The finding may have implications for the cause and treatment of gastrointestinal troubles that often accompany autism spectrum disorders. Diets excluding gluten have become popular in the autism community, but the effectiveness of such diets has not been confirmed.
However, according to the new study, "there appears to be an increased immune reactivity to gluten in children with autism, which is associated with gastrointestinal symptoms," said lead researcher Armin Alaedini, an assistant professor of medical sciences at Columbia University Medical Center in New York City.
Alaedini stressed that the study is preliminary and "the increased antibody response to gluten [found among patients] does not necessarily indicate sensitivity to gluten or any disease-causing role for the antibodies in the context of autism."
Importantly, the findings do not suggest that putting a child with autism on a gluten-free diet has any benefit, he added.
"Such a conclusion cannot be drawn from this particular study," Alaedini said. "By itself, the increased antibody response to gluten does not necessarily indicate sensitivity to gluten or any pathogenic [disease-causing] role for the antibodies."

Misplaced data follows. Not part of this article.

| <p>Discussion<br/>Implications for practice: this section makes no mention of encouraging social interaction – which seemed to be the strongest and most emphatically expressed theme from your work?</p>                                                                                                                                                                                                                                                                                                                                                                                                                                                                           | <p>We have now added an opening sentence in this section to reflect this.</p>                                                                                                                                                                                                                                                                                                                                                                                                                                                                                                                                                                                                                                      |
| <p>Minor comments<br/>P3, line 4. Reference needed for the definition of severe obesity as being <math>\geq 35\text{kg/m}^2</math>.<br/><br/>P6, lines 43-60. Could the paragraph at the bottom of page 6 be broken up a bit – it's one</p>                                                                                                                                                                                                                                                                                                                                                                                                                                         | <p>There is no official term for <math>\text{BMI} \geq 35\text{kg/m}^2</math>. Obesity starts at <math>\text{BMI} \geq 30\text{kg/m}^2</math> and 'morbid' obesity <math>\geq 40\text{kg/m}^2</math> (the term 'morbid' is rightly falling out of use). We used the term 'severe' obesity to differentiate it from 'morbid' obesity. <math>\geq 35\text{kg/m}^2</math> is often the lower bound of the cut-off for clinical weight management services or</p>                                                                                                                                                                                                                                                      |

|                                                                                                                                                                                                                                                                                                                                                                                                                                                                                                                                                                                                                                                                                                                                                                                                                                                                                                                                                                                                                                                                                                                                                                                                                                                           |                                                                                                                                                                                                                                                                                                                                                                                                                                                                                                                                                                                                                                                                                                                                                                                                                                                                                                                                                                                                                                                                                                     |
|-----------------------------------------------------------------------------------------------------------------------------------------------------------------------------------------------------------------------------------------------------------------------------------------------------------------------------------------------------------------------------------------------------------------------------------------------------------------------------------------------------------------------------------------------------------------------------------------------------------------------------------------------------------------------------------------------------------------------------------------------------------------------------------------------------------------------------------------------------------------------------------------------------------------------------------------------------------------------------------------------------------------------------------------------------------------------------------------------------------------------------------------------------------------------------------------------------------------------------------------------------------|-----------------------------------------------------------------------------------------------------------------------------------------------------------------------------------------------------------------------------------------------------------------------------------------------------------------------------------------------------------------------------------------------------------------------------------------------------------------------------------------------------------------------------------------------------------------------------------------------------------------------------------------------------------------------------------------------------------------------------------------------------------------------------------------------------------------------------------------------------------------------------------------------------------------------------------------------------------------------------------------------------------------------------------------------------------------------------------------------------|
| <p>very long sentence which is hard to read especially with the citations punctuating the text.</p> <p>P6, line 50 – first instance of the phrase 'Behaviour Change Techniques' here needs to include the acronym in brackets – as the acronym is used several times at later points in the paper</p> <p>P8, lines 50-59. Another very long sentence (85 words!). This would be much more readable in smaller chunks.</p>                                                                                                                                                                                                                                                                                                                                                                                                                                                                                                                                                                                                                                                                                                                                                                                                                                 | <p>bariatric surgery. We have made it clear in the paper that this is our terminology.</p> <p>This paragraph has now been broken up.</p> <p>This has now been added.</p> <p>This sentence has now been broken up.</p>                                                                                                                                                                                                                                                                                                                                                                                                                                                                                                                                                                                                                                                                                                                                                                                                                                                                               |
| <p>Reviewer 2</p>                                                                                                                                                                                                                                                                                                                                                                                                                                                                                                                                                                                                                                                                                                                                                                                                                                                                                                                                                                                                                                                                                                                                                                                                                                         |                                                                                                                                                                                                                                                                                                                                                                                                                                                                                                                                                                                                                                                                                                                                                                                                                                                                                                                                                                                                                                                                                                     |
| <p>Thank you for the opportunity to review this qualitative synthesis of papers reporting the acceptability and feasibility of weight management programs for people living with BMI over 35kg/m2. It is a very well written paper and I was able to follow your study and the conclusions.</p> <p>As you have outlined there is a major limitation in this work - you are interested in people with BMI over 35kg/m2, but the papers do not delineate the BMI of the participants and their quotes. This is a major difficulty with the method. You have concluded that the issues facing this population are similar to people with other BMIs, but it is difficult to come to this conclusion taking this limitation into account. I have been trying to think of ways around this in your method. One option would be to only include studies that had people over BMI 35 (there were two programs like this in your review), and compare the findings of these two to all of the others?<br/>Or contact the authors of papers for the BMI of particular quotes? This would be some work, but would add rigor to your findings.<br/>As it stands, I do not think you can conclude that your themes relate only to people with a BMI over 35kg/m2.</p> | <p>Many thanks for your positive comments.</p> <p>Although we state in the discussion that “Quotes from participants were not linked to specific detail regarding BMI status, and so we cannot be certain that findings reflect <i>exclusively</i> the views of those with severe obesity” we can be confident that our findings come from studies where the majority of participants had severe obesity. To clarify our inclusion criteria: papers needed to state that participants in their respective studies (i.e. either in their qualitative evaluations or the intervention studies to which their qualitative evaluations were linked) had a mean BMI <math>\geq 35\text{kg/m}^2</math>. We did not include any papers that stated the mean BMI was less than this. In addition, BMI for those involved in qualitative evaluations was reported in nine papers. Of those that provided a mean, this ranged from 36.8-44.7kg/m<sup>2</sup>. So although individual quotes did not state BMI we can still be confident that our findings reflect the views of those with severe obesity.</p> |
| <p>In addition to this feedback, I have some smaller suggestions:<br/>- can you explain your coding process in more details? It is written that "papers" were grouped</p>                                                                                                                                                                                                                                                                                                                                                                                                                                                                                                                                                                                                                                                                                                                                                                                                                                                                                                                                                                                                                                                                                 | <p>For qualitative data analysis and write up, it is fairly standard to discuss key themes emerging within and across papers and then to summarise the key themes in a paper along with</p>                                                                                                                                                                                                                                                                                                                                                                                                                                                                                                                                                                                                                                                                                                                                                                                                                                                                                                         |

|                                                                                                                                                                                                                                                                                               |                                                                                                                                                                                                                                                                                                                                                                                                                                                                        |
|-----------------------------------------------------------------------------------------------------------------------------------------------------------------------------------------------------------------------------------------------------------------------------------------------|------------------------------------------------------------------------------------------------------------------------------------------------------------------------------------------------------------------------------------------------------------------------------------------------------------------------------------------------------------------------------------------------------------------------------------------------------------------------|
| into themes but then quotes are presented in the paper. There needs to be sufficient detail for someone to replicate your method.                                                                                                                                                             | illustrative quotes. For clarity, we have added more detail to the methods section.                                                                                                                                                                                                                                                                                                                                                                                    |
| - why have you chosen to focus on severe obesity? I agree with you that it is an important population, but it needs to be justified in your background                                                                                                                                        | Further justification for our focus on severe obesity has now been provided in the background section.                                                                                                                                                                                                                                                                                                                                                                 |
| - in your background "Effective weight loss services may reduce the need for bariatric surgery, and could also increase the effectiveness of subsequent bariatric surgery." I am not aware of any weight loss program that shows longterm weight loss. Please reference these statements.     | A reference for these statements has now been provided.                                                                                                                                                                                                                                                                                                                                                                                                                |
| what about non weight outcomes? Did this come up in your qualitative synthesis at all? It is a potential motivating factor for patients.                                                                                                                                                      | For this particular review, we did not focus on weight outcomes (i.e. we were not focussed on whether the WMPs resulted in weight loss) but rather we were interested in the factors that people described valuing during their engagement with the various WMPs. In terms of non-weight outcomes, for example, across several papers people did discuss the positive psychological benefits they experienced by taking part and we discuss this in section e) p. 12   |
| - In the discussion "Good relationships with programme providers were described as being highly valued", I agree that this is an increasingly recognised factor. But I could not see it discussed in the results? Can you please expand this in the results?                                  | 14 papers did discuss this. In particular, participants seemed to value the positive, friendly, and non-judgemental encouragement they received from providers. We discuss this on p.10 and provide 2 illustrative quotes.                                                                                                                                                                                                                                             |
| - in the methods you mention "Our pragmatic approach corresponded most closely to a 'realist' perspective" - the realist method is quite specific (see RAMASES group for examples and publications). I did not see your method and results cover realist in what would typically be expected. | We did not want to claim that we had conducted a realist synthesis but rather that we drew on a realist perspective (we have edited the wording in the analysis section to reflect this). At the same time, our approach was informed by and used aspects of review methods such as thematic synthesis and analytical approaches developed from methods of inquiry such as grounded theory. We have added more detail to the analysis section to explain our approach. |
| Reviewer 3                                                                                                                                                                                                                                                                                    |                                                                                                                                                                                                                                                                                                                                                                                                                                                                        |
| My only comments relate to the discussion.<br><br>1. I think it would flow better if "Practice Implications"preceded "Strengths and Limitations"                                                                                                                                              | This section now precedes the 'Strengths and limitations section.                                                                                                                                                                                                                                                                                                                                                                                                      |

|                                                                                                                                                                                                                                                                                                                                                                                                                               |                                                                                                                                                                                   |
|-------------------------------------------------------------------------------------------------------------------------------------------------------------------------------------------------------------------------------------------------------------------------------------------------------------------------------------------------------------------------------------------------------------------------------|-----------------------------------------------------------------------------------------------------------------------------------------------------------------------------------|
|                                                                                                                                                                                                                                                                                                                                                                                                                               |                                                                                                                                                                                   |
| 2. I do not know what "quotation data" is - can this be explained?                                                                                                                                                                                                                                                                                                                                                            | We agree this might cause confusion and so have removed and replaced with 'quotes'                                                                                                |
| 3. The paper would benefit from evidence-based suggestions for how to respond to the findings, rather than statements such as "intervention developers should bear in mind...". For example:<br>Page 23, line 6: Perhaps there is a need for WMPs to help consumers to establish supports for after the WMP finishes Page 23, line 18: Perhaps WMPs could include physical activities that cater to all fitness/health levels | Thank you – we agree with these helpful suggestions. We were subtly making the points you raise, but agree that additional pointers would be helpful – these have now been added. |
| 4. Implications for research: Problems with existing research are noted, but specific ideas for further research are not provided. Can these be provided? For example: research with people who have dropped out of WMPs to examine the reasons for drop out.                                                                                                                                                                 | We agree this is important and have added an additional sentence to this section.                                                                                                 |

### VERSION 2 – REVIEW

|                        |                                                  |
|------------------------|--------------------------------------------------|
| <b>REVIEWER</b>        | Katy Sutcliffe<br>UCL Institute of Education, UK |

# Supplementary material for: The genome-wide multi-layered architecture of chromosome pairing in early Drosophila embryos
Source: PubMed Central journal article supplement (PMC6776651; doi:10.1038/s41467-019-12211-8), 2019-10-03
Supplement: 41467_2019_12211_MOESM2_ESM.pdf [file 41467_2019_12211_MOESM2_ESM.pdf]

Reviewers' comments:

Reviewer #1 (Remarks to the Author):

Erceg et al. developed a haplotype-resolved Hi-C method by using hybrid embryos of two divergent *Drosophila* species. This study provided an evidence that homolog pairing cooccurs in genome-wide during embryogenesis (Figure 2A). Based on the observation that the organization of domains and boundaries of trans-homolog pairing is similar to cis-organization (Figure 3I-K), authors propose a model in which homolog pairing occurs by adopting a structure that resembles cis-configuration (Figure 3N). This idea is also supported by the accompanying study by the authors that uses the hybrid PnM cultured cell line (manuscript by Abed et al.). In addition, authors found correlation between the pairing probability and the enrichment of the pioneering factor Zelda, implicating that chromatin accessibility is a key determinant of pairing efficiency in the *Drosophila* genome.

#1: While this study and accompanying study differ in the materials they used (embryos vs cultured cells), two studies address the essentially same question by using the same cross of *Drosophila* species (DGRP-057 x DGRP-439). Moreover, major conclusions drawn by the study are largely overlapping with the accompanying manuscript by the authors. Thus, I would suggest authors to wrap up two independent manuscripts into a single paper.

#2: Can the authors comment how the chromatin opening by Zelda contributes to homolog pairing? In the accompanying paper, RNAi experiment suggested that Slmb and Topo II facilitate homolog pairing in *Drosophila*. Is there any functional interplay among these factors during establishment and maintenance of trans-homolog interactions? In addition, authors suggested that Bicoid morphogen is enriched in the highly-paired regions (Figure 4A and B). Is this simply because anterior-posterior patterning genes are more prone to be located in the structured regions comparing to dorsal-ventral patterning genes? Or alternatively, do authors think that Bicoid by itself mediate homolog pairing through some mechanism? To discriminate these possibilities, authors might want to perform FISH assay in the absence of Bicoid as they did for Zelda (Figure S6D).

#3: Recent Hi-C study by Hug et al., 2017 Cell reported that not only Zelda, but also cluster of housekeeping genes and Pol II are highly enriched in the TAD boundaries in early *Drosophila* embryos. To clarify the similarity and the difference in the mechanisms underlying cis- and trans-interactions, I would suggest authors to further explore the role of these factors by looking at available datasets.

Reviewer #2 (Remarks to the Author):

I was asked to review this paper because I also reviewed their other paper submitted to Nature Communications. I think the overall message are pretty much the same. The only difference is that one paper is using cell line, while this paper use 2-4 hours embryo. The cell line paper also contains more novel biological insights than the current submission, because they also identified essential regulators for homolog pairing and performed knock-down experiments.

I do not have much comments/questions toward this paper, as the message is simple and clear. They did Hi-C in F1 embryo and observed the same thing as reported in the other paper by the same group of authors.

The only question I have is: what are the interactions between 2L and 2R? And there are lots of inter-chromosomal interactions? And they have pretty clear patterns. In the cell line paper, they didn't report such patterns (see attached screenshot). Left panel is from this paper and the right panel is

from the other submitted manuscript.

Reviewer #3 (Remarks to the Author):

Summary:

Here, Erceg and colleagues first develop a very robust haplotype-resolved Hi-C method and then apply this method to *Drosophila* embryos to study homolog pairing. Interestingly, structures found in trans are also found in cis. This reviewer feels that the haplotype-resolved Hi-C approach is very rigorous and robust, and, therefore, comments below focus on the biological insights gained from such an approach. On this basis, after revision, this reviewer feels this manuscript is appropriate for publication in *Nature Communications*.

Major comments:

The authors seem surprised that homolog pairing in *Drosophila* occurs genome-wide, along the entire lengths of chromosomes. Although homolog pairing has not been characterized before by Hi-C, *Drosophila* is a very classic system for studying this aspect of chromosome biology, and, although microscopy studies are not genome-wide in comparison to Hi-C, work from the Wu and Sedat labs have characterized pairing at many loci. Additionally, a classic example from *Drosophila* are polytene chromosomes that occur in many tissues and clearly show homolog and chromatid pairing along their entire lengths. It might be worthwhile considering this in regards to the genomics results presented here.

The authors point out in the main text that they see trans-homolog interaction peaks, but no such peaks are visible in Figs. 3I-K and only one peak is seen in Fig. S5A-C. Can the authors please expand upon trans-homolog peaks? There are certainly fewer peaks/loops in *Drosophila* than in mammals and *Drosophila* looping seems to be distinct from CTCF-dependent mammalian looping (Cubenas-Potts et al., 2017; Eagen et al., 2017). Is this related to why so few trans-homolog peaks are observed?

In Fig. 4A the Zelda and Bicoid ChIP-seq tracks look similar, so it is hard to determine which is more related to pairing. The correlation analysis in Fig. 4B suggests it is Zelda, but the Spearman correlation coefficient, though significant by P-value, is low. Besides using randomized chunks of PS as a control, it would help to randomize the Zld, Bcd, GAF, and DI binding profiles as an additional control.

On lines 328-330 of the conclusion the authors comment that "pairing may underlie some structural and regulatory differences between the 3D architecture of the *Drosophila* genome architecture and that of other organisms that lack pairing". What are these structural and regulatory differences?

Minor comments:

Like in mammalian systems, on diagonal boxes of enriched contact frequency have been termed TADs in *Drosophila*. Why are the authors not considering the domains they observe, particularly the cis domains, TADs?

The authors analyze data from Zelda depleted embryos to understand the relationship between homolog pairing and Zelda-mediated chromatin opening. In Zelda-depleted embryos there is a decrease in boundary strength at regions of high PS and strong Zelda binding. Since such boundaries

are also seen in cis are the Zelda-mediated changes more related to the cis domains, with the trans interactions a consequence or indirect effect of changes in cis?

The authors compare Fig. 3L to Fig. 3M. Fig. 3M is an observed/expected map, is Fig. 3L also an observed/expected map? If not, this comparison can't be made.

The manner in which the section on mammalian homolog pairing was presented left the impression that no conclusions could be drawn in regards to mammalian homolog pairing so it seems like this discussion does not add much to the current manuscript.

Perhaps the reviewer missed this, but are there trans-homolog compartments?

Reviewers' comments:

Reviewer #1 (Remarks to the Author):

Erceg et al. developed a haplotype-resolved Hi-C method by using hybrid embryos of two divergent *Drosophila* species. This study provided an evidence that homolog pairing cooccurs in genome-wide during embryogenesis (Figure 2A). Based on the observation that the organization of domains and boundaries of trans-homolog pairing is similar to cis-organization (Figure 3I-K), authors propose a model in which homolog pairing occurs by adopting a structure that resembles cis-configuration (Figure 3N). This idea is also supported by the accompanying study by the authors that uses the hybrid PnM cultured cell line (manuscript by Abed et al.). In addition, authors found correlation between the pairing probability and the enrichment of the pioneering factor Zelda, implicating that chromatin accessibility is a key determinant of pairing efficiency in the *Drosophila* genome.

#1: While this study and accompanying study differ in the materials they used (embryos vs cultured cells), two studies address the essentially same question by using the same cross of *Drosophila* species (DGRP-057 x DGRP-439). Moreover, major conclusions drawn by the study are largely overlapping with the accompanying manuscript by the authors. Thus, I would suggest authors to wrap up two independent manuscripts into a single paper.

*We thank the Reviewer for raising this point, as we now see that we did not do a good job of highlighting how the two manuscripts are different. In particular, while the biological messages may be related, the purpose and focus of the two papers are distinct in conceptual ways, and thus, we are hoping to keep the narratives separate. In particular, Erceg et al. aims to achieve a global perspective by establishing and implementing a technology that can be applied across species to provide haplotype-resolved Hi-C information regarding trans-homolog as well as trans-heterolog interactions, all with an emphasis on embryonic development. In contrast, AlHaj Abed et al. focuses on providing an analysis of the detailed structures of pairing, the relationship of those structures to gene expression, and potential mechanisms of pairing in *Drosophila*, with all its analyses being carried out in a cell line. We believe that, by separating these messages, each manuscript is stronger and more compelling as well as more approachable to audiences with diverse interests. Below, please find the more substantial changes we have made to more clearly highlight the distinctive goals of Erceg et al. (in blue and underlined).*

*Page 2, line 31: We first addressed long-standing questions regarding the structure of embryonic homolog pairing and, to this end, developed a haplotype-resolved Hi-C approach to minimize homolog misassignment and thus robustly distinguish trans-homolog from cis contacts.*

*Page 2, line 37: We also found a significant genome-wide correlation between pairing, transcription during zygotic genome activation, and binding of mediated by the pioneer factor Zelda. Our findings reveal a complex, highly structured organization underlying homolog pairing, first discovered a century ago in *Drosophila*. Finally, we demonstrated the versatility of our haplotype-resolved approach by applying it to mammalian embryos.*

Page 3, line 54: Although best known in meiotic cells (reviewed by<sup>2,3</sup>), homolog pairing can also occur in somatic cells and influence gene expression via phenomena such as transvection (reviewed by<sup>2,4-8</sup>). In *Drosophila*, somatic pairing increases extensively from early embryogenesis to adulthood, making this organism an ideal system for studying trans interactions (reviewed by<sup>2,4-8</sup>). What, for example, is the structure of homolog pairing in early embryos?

The report was published in the June online issue of PLoS One.
Another expert agreed that the study findings are preliminary.
"By themselves, anti-gluten antibodies do not mean disease," explained Dr. Daniel Coury, medical director of Autism Speaks' Autism Treatment Network and chief of developmental & behavioral pediatrics at Nationwide Children's Hospital in Columbus, Ohio.
"They are part of the whole puzzle. When they occur with other abnormalities and with symptoms, we begin to get a clearer picture. It may be that this will help identify a subgroup of individuals with autism who may benefit from a specific treatment someday when we have a better understanding of just what is going on here," Coury said.